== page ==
The inquiry approach to learning is well embedded in teacher practice and is linked to the development of students’ key competencies, including self-management and relating to others. Teachers have reviewed the teaching of literacy and numeracy, and the use of information and communication technologies (ICT) and have made appropriate changes to reflect the school goals and the inquiry approach to learning.

Well resourced classrooms support the schools’ inquiry-learning approach and student engagement in learning activities. Classroom environments celebrate students’ learning and are attractive and printrich.

The senior leaders agree that the next steps in promoting continued curriculum development are to:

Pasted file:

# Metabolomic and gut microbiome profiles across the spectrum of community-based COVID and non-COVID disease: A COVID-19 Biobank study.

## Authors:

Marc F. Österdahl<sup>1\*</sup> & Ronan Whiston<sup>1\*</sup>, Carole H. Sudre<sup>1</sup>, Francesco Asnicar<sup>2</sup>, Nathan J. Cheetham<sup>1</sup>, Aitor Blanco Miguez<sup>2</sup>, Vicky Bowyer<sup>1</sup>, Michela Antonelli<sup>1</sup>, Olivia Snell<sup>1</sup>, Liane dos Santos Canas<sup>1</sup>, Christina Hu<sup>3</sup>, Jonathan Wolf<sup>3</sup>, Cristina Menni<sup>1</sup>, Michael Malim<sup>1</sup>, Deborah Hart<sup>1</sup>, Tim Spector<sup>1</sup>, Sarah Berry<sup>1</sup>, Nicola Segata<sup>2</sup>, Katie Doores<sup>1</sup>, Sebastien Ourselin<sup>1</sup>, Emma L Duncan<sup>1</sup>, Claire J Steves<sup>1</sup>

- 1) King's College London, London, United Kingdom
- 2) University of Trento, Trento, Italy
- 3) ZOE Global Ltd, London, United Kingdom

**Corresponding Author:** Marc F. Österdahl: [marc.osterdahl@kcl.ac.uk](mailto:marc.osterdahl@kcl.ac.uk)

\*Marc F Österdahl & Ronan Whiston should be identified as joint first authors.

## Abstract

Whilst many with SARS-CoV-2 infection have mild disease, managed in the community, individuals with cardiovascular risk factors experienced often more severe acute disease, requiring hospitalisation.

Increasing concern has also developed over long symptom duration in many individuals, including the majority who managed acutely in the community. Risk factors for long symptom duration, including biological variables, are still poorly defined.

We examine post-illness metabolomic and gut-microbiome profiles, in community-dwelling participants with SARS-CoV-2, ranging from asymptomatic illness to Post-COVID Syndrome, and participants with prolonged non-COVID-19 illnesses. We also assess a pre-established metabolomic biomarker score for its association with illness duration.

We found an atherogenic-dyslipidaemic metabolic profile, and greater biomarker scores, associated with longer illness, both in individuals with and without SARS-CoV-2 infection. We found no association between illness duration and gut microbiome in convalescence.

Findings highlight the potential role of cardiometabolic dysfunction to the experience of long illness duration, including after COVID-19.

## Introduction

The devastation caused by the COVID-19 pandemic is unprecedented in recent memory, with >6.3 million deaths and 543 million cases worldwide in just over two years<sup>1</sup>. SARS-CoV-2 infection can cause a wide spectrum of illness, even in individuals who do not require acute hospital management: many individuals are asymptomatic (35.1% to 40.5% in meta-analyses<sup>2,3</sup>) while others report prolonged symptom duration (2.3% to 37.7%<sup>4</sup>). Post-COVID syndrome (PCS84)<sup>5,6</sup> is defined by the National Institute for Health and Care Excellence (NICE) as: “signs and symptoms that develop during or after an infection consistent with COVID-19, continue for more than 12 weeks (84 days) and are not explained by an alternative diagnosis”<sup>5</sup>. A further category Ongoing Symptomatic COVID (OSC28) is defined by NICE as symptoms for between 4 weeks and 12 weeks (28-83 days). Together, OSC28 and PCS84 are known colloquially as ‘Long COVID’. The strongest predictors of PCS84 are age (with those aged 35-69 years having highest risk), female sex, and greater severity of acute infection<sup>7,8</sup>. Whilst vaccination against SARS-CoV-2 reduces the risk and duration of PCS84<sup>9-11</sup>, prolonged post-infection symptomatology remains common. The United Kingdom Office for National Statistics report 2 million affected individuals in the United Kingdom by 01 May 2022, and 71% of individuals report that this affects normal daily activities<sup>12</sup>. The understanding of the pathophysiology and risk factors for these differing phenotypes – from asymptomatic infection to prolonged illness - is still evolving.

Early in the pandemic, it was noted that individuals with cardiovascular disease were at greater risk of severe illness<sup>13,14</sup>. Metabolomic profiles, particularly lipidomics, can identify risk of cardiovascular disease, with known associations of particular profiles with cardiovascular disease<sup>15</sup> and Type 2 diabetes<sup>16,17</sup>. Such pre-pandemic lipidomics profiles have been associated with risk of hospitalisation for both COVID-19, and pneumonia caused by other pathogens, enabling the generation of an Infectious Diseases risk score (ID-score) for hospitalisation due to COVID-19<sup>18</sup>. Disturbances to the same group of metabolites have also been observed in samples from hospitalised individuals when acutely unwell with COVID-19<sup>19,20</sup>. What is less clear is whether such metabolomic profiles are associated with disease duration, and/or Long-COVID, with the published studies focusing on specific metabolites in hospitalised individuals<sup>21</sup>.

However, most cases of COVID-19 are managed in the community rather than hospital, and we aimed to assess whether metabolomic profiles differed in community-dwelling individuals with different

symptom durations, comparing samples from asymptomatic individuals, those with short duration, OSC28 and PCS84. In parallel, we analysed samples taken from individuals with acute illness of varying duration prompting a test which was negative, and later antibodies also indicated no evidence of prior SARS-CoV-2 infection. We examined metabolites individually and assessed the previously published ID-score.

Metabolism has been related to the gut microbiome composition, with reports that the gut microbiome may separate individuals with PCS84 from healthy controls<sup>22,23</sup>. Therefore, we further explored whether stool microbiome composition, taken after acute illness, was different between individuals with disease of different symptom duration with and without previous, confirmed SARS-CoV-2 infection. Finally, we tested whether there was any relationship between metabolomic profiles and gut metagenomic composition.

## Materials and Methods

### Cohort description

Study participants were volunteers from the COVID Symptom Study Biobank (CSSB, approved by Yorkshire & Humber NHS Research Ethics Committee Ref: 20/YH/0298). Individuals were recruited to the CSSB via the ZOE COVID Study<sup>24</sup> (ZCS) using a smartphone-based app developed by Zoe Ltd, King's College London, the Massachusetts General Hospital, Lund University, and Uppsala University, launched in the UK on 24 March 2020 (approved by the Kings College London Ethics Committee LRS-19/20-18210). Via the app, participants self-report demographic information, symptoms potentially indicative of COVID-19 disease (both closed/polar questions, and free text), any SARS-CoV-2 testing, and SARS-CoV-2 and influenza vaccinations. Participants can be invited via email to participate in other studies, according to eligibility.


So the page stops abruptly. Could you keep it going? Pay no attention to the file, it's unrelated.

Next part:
• revisit the principles of The New Zealand Curriculum and document the ways in which these principles inform teaching and learning in the school
  • develop and document expectations for teaching and learning in science, social studies and technology
  • further develop teacher skills in using assessment data to inform their teaching
  • include in curriculum documentation requirements for assessment in relation to the National Standards
  • further develop systems to monitor children’s exposure to all aspects of the curriculum.

4. Sustainable Performance

How well placed is the school to sustain and improve its performance?

The school is well placed to sustain and improve its performance. School leaders continue to:

  • review and improve quality assurance practices
  • improve teaching and learning practices through ongoing staff professional development
  • implement good systems to induct teachers who are new to the school
  • develop their charter collaboratively
  • value the expertise of all staff and provide staff with opportunities for shared leadership.